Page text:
Many writers concentrate all their efforts on trying to sell their work to national publishers and magazines. And yet, by doing so they are overlooking a huge potential market which is literally on their own doorstep.
There are many small and medium-sized businesses who at times would appreciate the help of a writer, yet have no idea how to go about finding one. Among the many items they might need assistance with are:
• Newspaper advertisementsBear in mind that the average small business owner may be very good at auto repairs, plumbing, interior design or whatever, but have limited writing skills. If there is someone local he (or she) can turn to, who is not going to charge a fortune, chances are he will be delighted to hire that person to take the work off his hands.
• Brochures and leaflets
• Sales letters
• Website content
• Press/news releases
• Important letters
At this point you might ask why such a businessman would not simply go to an advertising agency for help. The answer is they could, but agencies are expensive, and because they make their money from commission on the advertising they place, most are not really interested in doing occasional work for small businesses.
This is the market niche which you, with your writing skills, can fill. I would suggest charging by the hour – maybe starting at around $25 an hour initially, perhaps increasing to $50 to $100 an hour or more as you become established. This will give you a reasonable rate of return for your efforts, but will still be a lot less than most agencies will charge (or professionals such as accountants and lawyers).
Here's just one example. A few months ago I was contacted by a man who runs a local second-hand car business (we met when I bought my current vehicle from him). His landlords wanted him to vacate the land he was using, which he had sub-contracted from a local garage. He felt this was unfair, and had drafted a letter explaining his objections and offering to pay an increased rent. In view of the letter’s importance he wanted a ‘professional’ to check it before he sent it. I edited the letter, correcting several spelling and grammatical mistakes, and re-typed it on good quality paper.
I charged him $50 for this, which he was happy to pay. I am pleased to report that the letter had the desired effect, and he is still successfully trading from the site in question!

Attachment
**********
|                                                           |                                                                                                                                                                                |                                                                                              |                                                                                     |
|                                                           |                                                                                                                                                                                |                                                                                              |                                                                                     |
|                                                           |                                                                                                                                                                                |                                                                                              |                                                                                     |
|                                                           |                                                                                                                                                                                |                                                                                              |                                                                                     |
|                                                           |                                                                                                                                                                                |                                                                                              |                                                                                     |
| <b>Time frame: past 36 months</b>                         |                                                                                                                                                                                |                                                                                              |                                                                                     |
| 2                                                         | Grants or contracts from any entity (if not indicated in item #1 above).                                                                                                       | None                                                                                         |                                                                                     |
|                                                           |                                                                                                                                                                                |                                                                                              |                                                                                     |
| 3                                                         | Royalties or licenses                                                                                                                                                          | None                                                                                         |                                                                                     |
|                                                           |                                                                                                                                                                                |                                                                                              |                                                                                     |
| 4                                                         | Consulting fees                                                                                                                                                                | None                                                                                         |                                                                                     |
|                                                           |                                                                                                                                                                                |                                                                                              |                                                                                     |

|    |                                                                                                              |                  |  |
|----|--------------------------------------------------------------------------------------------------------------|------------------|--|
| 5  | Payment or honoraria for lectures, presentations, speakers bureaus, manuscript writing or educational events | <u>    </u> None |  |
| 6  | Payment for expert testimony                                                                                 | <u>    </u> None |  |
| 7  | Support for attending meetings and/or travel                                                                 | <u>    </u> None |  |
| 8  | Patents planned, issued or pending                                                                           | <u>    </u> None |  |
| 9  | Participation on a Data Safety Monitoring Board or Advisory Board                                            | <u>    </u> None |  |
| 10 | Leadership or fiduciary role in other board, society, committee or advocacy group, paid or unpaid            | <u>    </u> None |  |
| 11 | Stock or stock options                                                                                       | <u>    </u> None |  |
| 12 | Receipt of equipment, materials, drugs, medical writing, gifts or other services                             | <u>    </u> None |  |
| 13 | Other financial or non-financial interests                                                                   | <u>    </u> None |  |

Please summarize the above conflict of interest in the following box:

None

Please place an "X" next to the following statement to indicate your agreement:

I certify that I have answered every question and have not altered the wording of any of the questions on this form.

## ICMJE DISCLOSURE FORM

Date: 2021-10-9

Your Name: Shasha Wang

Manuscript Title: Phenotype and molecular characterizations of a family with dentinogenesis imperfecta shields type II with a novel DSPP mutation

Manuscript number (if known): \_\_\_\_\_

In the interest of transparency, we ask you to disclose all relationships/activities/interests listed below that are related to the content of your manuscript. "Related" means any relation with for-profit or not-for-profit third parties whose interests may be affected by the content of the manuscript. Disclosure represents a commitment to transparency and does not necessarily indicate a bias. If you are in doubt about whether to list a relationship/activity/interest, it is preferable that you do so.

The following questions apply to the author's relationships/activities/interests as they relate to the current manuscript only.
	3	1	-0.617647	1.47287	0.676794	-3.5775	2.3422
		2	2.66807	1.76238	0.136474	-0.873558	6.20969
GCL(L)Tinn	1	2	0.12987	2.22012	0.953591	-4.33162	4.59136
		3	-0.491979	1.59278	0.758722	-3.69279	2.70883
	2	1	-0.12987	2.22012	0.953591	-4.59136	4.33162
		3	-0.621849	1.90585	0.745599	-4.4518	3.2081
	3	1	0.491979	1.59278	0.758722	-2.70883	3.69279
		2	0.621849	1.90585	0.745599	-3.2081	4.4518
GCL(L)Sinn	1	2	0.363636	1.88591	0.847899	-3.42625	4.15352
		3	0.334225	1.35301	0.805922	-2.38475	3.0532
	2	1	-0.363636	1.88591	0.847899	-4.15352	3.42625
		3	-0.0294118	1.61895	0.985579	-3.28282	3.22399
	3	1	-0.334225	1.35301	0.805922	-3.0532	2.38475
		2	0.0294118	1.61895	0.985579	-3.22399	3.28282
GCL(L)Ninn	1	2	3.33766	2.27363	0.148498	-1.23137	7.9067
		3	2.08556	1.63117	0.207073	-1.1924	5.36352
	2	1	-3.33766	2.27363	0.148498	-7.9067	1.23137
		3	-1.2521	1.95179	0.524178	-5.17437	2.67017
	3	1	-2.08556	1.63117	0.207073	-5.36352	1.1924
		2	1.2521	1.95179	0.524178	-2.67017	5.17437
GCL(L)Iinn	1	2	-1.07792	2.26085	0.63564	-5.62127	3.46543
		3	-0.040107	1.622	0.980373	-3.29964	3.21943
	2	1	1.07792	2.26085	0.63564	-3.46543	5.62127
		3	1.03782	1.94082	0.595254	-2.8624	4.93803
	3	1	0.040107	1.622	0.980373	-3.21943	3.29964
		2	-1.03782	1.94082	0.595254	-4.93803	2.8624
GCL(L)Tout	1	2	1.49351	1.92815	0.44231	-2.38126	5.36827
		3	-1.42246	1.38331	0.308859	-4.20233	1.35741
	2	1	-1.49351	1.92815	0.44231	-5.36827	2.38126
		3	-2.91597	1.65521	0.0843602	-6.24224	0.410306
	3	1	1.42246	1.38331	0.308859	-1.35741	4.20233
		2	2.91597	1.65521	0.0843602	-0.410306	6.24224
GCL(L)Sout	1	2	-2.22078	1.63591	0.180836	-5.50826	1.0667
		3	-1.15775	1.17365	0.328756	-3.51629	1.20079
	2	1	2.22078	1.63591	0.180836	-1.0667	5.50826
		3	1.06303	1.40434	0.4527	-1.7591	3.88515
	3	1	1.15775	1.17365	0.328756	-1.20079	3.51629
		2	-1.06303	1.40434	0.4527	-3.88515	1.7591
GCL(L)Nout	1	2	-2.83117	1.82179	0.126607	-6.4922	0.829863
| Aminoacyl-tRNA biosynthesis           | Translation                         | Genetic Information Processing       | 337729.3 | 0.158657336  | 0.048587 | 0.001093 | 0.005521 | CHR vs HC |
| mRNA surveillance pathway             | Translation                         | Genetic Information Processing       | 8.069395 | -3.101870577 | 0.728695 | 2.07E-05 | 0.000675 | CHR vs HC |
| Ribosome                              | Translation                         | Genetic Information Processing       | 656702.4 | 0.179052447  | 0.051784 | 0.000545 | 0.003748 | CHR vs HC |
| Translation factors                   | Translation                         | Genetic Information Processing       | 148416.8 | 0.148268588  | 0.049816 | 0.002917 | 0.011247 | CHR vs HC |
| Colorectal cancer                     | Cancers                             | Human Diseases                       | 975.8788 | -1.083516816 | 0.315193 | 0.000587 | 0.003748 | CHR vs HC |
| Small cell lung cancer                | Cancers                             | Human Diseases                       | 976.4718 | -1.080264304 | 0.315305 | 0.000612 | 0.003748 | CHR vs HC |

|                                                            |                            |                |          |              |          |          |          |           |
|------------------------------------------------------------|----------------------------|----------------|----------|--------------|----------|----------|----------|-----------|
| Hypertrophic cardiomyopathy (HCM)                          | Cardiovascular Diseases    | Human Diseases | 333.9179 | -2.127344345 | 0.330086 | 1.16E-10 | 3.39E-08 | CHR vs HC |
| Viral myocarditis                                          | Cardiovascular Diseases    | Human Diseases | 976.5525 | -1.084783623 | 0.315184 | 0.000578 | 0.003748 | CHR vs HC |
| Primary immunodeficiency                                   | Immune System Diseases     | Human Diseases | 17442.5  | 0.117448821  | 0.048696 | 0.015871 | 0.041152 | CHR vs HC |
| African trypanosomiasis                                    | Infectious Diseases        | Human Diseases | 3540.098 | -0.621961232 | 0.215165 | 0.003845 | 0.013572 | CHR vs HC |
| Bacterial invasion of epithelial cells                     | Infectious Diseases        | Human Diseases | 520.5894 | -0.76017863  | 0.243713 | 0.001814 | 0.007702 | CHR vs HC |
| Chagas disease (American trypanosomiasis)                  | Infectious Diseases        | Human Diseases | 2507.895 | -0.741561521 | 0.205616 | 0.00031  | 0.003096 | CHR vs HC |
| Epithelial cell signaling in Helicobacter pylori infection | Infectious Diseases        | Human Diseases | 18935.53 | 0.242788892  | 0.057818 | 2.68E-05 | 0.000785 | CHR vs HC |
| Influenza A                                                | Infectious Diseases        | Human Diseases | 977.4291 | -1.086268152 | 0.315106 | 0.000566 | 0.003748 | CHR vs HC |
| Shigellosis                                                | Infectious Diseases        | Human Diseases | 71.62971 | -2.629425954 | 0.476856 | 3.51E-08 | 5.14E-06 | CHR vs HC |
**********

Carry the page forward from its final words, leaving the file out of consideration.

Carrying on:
Work can be obtained by advertising in local papers and via mail shots. You could also spend a day leafleting local businesses. Word-of-mouth is also a powerful sales medium, so if this type of writing appeals to you I recommend getting some business cards printed and handing them out to everyone you meet – the car mechanic, the gardener, the builder, even the dentist! It’s also worth trying local charities, schools, and so on. After all, if they don’t hire you, they might end up spending an awful lot more on an advertising agency.
On the other hand, advertising agencies (as well as marketing and PR agencies) can be markets for freelance writers as well. At one time I did a lot of work for a local one-man-and-his-dog advertising agency. The main in question was a talented graphic designer but did not really have a way with words (neither did his dog), so he used freelance writers when required.
You should be able to find information about local agencies in 'Yellow Pages' or whatever local business directories circulate in your country. Drop them a line introducing yourself (preferably with one or two examples of your work) and ask if they would be interested in using your services. If you're brave enough, follow up the letter with a phone call a few days later.
Another tip is to make friends with your local printer. Printers regularly deal with small businessmen and women, and will often be willing to refer requests for writing help your way (especially if you bring them work in exchange). Ask if you can leave a supply of your business cards on their counter.
And finally, don't forget to try your local newspaper. Often nowadays they have only a skeleton staff of reporters, and many rely on freelances to supply news and gossip to help fill their pages. You won't get paid a fortune for this work - though you should certainly be paid something - but it can be good fun, and a way of raising your profile in your local community.
This article is based on a section from Module 11 of Quick Cash Writing, the brand new course by UK freelance writer Nick Daws on making money from shorter writing projects. For further details, including any current special offers, check out http://www.quickcashwriting.com/
Nick Daws is a best-selling author living in Staffordshire, England.
You can discover his exciting course “How to Write Any Book in 28 Days – OR LESS!” online at http://www.writequickly.com/